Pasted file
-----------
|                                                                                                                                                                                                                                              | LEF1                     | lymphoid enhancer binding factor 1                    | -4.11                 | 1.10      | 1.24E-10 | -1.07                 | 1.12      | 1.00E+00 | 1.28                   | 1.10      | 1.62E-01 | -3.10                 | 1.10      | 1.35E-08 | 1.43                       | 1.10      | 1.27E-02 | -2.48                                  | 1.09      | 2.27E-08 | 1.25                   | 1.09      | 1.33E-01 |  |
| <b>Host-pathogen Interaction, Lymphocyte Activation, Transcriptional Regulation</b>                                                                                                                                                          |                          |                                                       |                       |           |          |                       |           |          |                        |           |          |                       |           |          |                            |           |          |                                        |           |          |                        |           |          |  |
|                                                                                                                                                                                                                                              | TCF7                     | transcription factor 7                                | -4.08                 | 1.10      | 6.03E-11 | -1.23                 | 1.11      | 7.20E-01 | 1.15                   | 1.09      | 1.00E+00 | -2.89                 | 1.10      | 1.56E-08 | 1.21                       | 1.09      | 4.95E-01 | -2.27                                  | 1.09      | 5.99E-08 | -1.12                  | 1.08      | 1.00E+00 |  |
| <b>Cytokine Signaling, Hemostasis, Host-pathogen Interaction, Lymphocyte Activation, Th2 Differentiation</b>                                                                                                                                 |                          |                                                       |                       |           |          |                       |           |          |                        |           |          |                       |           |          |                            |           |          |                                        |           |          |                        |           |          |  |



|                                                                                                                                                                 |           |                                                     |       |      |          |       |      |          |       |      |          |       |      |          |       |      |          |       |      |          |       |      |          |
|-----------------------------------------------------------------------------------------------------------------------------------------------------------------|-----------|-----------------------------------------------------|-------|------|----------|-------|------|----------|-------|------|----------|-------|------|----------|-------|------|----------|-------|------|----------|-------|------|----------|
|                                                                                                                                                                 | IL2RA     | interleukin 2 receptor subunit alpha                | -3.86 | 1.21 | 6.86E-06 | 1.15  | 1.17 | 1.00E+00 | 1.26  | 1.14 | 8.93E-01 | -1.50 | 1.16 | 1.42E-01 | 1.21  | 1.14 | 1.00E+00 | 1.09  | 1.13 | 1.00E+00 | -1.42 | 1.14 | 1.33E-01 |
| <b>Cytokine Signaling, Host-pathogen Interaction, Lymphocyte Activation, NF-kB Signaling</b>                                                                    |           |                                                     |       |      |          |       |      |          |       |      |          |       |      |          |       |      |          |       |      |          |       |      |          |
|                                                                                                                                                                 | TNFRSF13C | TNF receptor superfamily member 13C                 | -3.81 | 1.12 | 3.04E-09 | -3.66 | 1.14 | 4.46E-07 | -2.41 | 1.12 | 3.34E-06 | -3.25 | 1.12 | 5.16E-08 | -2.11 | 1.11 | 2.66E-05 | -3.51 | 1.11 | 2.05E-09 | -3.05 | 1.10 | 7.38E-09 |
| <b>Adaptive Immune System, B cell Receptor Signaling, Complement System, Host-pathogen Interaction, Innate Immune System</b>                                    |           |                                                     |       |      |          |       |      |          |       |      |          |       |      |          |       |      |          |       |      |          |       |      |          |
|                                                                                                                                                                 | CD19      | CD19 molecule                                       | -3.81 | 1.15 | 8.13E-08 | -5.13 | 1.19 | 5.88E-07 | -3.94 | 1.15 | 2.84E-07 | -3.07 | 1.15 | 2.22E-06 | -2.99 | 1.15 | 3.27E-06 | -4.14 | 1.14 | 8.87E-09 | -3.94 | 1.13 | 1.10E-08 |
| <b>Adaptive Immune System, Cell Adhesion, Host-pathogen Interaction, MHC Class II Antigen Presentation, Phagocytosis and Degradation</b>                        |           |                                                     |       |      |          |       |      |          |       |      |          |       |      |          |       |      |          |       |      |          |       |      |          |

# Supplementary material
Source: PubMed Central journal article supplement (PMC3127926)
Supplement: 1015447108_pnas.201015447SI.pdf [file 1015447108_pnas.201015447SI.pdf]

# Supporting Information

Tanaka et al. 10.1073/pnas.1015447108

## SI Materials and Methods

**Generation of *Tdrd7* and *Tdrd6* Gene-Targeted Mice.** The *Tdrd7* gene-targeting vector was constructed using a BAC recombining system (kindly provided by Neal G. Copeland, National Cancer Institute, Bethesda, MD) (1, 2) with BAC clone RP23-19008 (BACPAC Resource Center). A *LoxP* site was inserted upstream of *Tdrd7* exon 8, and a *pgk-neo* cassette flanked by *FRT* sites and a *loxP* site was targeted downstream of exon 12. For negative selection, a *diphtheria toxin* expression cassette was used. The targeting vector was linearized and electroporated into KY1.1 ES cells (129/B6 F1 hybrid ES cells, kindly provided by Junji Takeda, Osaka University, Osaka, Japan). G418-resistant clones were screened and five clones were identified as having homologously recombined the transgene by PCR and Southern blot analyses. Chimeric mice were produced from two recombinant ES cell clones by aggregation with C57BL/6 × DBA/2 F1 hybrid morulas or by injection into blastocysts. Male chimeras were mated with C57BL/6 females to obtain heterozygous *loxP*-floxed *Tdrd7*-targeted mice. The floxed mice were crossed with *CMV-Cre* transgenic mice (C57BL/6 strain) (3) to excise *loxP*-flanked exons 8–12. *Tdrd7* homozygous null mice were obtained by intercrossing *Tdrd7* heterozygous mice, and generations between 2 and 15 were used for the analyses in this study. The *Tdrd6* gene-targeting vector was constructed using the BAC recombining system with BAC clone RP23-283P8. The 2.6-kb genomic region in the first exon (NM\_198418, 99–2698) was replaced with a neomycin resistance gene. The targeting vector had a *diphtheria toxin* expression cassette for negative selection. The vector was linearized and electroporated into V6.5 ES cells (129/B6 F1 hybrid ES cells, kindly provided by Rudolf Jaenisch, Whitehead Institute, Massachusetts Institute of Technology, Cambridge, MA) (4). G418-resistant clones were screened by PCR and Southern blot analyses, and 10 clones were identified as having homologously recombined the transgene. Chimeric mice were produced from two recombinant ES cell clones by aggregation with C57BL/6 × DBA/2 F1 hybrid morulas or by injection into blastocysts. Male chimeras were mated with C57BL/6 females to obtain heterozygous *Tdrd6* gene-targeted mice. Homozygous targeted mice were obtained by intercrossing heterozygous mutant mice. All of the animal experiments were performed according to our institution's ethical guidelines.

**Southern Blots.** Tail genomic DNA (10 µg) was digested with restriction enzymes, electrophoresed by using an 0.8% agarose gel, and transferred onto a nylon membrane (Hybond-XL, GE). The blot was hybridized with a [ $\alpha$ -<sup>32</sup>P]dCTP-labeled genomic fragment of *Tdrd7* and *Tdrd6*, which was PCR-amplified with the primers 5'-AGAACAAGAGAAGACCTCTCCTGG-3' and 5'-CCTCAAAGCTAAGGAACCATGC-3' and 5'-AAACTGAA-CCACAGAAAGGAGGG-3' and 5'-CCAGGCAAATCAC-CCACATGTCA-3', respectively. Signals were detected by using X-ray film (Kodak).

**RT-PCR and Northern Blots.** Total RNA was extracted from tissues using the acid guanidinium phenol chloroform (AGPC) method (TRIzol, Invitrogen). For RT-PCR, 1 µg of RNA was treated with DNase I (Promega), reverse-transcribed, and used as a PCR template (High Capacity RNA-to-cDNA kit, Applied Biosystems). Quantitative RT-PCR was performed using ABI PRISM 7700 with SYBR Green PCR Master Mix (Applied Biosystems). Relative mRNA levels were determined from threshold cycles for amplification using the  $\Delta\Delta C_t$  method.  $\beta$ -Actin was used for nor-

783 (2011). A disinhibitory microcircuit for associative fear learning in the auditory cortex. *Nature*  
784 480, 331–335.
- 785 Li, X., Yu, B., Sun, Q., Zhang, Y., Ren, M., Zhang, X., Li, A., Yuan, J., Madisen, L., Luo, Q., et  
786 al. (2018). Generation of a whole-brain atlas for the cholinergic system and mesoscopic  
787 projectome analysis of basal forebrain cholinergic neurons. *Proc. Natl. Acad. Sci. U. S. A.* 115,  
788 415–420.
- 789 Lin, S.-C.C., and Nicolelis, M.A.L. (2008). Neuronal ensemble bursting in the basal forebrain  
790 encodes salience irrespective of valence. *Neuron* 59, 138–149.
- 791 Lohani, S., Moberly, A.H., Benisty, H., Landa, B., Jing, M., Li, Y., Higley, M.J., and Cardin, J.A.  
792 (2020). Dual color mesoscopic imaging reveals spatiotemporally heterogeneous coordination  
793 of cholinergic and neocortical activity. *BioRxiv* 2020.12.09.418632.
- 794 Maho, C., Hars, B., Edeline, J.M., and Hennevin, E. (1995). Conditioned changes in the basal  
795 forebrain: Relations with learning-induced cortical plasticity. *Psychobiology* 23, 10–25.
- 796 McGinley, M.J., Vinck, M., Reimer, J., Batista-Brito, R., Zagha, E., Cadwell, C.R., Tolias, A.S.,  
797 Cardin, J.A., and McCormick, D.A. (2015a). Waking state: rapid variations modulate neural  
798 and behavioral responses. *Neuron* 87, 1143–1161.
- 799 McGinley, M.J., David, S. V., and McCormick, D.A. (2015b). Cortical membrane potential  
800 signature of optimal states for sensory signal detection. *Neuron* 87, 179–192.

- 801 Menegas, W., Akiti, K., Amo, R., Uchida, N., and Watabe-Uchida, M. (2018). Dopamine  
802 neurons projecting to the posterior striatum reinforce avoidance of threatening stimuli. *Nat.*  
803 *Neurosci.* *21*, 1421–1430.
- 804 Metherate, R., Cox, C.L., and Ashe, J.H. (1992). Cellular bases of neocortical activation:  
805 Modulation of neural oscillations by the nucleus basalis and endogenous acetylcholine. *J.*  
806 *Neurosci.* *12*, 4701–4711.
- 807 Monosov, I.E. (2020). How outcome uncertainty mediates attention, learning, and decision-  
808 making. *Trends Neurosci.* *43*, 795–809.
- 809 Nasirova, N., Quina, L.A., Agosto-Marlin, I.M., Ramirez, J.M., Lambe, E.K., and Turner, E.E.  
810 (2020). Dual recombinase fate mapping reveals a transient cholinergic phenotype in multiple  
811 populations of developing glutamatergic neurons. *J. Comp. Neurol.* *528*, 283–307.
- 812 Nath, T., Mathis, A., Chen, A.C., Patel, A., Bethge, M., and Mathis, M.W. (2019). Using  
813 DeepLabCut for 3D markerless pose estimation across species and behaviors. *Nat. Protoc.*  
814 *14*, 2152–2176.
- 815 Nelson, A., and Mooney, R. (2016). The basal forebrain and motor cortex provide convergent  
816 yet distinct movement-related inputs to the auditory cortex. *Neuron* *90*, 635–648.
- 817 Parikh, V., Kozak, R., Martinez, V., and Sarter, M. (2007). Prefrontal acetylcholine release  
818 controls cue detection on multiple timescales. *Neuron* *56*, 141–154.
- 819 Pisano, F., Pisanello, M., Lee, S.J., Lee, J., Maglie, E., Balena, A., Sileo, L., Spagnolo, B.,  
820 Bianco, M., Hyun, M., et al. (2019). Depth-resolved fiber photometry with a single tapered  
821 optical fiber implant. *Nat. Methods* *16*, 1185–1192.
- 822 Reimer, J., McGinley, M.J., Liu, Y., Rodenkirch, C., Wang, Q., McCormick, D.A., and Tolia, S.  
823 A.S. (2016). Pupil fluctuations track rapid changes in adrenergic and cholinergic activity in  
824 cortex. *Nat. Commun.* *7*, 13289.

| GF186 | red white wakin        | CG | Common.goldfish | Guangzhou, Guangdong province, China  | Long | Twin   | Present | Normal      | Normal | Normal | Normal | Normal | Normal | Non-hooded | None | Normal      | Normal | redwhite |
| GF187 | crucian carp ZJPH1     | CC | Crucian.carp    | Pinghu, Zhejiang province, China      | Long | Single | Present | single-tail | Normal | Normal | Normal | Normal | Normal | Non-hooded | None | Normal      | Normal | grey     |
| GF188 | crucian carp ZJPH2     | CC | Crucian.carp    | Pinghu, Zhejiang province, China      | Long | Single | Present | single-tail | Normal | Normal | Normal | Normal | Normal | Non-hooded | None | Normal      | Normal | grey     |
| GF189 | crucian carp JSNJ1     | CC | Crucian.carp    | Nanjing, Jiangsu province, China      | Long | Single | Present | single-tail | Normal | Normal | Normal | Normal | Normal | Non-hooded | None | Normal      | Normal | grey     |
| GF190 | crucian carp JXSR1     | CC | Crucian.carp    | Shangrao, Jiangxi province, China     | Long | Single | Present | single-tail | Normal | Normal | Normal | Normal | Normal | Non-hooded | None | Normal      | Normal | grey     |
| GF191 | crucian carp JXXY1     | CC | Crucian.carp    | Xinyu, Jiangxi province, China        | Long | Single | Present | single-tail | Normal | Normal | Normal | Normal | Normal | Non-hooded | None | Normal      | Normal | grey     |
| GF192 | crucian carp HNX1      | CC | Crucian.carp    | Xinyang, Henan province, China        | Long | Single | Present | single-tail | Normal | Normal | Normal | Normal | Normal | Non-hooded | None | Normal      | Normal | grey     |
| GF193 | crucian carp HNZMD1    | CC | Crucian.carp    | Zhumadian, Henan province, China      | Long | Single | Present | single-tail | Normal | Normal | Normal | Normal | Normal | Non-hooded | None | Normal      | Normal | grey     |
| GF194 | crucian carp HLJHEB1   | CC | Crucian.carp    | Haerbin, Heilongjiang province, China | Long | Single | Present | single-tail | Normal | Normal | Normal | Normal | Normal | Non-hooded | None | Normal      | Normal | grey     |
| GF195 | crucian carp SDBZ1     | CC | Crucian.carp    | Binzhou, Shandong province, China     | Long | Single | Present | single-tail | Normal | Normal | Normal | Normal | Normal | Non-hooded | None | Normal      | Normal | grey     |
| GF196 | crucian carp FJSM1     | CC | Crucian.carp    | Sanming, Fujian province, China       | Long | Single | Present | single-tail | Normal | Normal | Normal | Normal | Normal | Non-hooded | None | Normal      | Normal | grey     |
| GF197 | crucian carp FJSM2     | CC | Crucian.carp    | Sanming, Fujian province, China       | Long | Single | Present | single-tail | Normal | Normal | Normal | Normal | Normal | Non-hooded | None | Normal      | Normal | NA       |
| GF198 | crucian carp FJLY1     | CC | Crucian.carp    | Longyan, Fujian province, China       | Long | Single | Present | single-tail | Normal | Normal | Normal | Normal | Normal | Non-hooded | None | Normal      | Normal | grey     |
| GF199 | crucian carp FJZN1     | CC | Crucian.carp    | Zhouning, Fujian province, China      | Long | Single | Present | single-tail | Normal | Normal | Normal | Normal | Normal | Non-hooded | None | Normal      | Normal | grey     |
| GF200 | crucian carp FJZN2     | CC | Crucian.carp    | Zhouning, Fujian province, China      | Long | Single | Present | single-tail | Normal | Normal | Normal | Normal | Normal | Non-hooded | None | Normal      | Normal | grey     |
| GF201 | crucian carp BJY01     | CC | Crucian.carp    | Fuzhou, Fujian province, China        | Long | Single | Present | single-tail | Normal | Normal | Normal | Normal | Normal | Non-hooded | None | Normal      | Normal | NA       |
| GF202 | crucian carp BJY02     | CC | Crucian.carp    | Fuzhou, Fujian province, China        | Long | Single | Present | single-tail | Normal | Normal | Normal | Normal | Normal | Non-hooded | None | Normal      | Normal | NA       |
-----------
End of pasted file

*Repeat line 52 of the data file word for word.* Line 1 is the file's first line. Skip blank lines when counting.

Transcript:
813 DeepLabCut for 3D markerless pose estimation across species and behaviors. *Nat. Protoc.*  